The end result was stunning. I vividly remember the pleasure of sitting in a movie theater being seduced by the film, of how its award-winning cinematography (a Camera d'Or recipient at Cannes) contributed to its hypnotic vision of 11 century Inuit life. Filled with haunting imagery and an endless variety of blinding white light, The Fast Runner is an elemental movie if ever there was one, dominated by breathtaking shots of earth, water, wind, the occasional fire and a whole lot of ice.
Imagine my surprise, then, when I slipped in the new DVD of The Fast Runner only to discover something that bore little resemblance to the film that knocked me out in the theater last year.
In a word or two, the new Columbia TriStar DVD of The Fast Runner is too much of a good thing.
On DVD, the film is too sharp, too clear. Too lacking in mystery.
What seems to have happened is that some ostensibly well-meaning souls made the decision to bypass using the film negative for the transfer of The Fast Runner to DVD, and went directly to what they perceived as the source: the digital video master.
This would have been fine had the makers of the film been after a "digital video" look. But they weren't. What they were after (according to numerous statements from the director and cinematographer) was the more richly textured, painterly qualities associated with actual film. Those qualities have been mostly lost in the version of The Fast Runner that is now immortalized on this DVD edition.
Compared to film, video is a harsher, less forgiving medium, and the picture quality on the DVD is simply too bright and piercing. Those elegant white landscapes now just look overexposed, and the cinematography in general now seems more pedestrian than poetic, as if we're watching a camcorder-shot student documentary on the making-of this epic film, rather than the film itself. A final, unfortunate byproduct of all of this is a stilted, rushed quality to the film's performances, resulting in actors who suddenly look like they're, well, acting.
There's a happy ending to the story, though.
Curious about rumors I'd heard of an "inferior" DVD edition of this film manufactured in Canada, I broke down and ordered a copy from a Canadian website. When it arrived, the two-DVD edition of The Fast Runner produced by Alliance Atlantis did indeed turn out to feature a picture that was significantly less sharp than the crystal clear image on the American disc. On the other hand, the "softer" picture on the Canadian set was also infinitely more true to the way the movie was supposed to look. It looked like film.
Besides the more satisfying transfer taken from the film master (as opposed to the digital video master), the Alliance Atlantis DVD includes quite a few extra features, none of which appear on the bare bones American edition. You get a production diary, a wealth of text-based information (including a running "commentary" of facts about Iglooik society) and, strangest of all, an additional six minutes of material within the film itself. I couldn't begin to tell you what the six minutes consist of, but I'm glad they're there.
The digital news is not all bad, though, and some of it is downright great. Mondo Macabro, an English outfit that has produced some of the most bizarre and best DVDs ever to come out of the U.K., has now opened shop in America. The news gets even better: Mondo Macabro's debut disc in the states is a Special Edition of their previously released and highly acclaimed Alucarda, digitally tweaked and revamped into a stunning new DVD that easily outshines the original U.K. effort.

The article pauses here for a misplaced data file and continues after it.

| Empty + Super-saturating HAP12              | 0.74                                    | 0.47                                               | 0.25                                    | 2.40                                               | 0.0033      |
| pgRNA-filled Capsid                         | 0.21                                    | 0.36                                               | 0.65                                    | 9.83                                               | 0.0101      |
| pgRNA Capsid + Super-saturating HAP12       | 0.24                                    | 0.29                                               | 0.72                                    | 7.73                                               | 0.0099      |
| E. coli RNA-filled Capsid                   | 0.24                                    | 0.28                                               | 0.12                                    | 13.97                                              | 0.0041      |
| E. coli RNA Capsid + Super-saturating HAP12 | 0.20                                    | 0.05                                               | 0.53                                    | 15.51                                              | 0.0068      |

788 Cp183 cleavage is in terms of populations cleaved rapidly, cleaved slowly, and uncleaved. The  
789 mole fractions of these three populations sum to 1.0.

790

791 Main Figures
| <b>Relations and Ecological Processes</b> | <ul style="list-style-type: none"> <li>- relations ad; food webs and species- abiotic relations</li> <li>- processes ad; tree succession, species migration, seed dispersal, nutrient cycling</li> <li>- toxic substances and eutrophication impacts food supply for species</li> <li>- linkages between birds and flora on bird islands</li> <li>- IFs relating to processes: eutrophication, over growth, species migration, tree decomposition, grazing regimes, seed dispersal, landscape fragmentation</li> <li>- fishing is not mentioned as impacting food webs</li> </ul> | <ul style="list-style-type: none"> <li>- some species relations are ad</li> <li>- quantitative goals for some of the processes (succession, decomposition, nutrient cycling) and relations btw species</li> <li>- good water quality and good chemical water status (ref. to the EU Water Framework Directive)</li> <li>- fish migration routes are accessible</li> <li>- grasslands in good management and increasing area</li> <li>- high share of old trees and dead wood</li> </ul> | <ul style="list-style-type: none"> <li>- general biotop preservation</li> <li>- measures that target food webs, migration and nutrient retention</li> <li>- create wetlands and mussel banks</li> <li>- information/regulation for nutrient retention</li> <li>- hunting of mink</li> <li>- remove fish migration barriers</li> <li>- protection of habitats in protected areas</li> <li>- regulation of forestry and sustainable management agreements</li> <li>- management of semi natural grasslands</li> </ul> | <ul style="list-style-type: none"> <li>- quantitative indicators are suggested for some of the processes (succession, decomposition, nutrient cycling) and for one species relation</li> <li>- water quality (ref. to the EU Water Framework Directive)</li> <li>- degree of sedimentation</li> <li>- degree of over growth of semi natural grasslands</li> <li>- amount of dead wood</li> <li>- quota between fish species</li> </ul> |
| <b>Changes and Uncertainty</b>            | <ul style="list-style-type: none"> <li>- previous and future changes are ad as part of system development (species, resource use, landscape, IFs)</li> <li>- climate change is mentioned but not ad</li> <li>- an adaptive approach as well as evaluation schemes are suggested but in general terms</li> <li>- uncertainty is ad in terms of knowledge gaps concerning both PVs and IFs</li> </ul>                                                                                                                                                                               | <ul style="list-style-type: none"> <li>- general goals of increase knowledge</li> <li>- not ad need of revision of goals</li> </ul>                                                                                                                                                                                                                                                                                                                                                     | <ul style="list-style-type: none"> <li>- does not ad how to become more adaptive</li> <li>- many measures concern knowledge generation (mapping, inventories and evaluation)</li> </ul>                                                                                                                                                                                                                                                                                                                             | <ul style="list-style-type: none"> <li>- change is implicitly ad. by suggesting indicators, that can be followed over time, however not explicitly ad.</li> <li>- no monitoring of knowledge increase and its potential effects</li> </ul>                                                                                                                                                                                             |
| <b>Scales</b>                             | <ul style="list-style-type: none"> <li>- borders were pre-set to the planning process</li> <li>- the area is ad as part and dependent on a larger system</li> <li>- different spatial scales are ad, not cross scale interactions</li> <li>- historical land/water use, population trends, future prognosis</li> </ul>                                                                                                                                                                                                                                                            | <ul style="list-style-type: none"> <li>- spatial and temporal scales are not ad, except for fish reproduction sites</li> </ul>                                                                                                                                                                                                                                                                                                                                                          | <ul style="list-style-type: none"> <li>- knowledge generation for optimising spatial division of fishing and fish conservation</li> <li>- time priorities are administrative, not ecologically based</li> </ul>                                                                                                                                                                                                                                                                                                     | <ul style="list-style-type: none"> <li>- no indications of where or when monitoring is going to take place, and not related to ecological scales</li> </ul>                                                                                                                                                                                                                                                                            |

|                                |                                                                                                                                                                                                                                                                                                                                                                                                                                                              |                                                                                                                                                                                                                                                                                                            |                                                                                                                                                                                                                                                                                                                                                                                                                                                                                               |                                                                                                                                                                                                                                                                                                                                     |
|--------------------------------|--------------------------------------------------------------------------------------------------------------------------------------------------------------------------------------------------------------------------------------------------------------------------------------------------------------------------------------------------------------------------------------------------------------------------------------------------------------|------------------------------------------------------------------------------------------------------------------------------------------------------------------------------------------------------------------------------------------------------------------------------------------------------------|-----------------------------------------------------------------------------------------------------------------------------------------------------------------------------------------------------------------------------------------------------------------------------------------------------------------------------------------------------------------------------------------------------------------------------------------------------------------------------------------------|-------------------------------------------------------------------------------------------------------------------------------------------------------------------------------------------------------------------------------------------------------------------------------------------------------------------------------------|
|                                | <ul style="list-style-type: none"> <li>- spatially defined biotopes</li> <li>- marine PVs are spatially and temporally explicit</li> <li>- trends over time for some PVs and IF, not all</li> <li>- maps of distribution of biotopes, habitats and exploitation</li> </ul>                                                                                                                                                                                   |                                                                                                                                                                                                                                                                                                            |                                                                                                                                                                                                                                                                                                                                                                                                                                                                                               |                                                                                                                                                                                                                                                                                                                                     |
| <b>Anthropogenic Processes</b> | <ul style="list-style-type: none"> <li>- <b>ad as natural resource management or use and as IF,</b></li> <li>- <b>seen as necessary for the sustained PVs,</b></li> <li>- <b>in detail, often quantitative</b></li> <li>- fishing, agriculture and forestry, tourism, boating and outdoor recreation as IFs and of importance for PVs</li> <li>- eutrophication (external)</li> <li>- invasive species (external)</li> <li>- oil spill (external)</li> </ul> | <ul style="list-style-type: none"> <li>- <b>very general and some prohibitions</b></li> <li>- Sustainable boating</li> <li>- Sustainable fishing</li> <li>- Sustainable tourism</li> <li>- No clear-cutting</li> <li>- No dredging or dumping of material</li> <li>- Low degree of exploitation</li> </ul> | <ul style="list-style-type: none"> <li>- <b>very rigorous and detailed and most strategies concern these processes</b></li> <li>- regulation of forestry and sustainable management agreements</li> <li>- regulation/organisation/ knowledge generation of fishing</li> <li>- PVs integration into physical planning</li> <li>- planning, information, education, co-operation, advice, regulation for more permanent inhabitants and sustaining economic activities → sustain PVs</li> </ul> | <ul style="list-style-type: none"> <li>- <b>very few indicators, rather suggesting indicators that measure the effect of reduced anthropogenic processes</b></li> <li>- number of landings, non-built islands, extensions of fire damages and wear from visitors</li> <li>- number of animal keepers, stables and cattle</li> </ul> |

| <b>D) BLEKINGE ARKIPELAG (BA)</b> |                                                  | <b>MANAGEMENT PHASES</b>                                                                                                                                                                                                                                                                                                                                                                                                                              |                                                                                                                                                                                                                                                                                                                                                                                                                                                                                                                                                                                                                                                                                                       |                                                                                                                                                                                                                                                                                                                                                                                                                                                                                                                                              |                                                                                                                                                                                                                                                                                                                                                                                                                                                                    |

Alternately dreamlike and intense, Alucarda is a horror movie of sorts about a pair of teenage girls who fall in love, and then use black magic to wreak havoc on everyone who's rubbed them wrong. The 1975 movie is filled with over-the-top elements -- satanism, nudity, batty priests, flagellating nuns, ritualistic orgies, exorcisms, and more blood and screaming than you'll find in most 10 movies -- but there's a perversely elegant intelligence behind it all, as well as a bold aesthetic vision.
Besides being genuinely scary, Alucarda (known stateside as Sisters of Satan) is a richly atmospheric work of art, filled with haunting, baroque imagery that makes exquisite use of the broken-down monastery that serves as its principal setting. The movie was directed by legendary Mexican filmmaker Juan Lopez Moctezuma, who looks back to Ken Russell's 1971 The Devils, as well as forward to the body horrors of David Cronenberg.
The movie looked great on the original U.K. DVD, and it's even better here. The picture has been sharpened up to really show off the film's colorful and often outlandish sets and costumes, and the image is much more smoothly textured and grain-free in general. Flesh tones are accurate, blacks are extremely deep and solid, and even the sound has been cleaned up to make the dialogue easier to hear. Best of all, the new U.S. edition features a slew of cool extras, including two unavailable on the U.K. DVD. There's an intimate interview with director Guillermo del Toro (The Devil's Backbone) as well as a fascinating mini-doc on Moctezuma, including rare clips of his films and info on his association with the Panic Movement, Jodorowsky and El Topo.
All in all, a great package from a major new player on the cult DVD scene. Remember the name: Mondo Macabro. You'll be hearing a lot more from them.
The Fast Runner (American DVD) 1/2
The Fast Runner (Canadian DVD)
Film Critic Lance Goldenberg can be reached at email@example.com or 813-248-8888, ext. 157.